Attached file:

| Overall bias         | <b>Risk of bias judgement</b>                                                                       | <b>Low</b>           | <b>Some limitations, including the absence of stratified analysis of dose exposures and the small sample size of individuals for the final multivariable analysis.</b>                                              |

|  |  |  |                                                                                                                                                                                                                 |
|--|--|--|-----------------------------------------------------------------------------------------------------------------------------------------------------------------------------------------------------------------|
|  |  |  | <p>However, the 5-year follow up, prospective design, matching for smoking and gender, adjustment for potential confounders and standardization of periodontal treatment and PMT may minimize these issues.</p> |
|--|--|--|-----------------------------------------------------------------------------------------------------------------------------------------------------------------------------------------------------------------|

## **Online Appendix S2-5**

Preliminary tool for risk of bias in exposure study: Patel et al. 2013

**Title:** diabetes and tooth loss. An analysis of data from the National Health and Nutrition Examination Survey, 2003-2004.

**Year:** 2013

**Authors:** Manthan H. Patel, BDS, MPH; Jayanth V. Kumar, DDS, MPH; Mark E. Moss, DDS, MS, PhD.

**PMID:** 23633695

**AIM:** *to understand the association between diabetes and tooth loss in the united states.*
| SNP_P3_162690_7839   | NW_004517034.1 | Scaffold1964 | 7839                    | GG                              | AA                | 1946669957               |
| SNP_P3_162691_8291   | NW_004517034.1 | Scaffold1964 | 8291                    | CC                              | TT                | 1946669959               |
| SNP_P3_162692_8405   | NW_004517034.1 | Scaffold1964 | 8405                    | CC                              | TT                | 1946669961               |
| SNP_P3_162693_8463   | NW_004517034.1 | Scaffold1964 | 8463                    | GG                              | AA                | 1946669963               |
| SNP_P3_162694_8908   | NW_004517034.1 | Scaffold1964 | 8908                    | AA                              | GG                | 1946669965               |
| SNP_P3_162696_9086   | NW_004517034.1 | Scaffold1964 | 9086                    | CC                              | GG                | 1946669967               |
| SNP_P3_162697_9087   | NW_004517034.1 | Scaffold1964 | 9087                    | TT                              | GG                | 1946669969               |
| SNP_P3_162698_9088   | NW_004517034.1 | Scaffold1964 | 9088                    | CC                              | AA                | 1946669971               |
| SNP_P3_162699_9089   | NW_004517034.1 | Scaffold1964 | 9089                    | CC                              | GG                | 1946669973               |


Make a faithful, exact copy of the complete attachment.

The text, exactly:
| Overall bias         | <b>Risk of bias judgement</b>                                                                       | <b>Low</b>           | <b>Some limitations, including the absence of stratified analysis of dose exposures and the small sample size of individuals for the final multivariable analysis.</b>                                              |

|  |  |  |                                                                                                                                                                                                                 |
|--|--|--|-----------------------------------------------------------------------------------------------------------------------------------------------------------------------------------------------------------------|
|  |  |  | <p>However, the 5-year follow up, prospective design, matching for smoking and gender, adjustment for potential confounders and standardization of periodontal treatment and PMT may minimize these issues.</p> |
|--|--|--|-----------------------------------------------------------------------------------------------------------------------------------------------------------------------------------------------------------------|

## **Online Appendix S2-5**

Preliminary tool for risk of bias in exposure study: Patel et al. 2013

**Title:** diabetes and tooth loss. An analysis of data from the National Health and Nutrition Examination Survey, 2003-2004.

**Year:** 2013

**Authors:** Manthan H. Patel, BDS, MPH; Jayanth V. Kumar, DDS, MPH; Mark E. Moss, DDS, MS, PhD.

**PMID:** 23633695

**AIM:** *to understand the association between diabetes and tooth loss in the united states.*
| SNP_P3_162690_7839   | NW_004517034.1 | Scaffold1964 | 7839                    | GG                              | AA                | 1946669957               |
| SNP_P3_162691_8291   | NW_004517034.1 | Scaffold1964 | 8291                    | CC                              | TT                | 1946669959               |
| SNP_P3_162692_8405   | NW_004517034.1 | Scaffold1964 | 8405                    | CC                              | TT                | 1946669961               |
| SNP_P3_162693_8463   | NW_004517034.1 | Scaffold1964 | 8463                    | GG                              | AA                | 1946669963               |
| SNP_P3_162694_8908   | NW_004517034.1 | Scaffold1964 | 8908                    | AA                              | GG                | 1946669965               |
| SNP_P3_162696_9086   | NW_004517034.1 | Scaffold1964 | 9086                    | CC                              | GG                | 1946669967               |
| SNP_P3_162697_9087   | NW_004517034.1 | Scaffold1964 | 9087                    | TT                              | GG                | 1946669969               |
| SNP_P3_162698_9088   | NW_004517034.1 | Scaffold1964 | 9088                    | CC                              | AA                | 1946669971               |
| SNP_P3_162699_9089   | NW_004517034.1 | Scaffold1964 | 9089                    | CC                              | GG                | 1946669973               |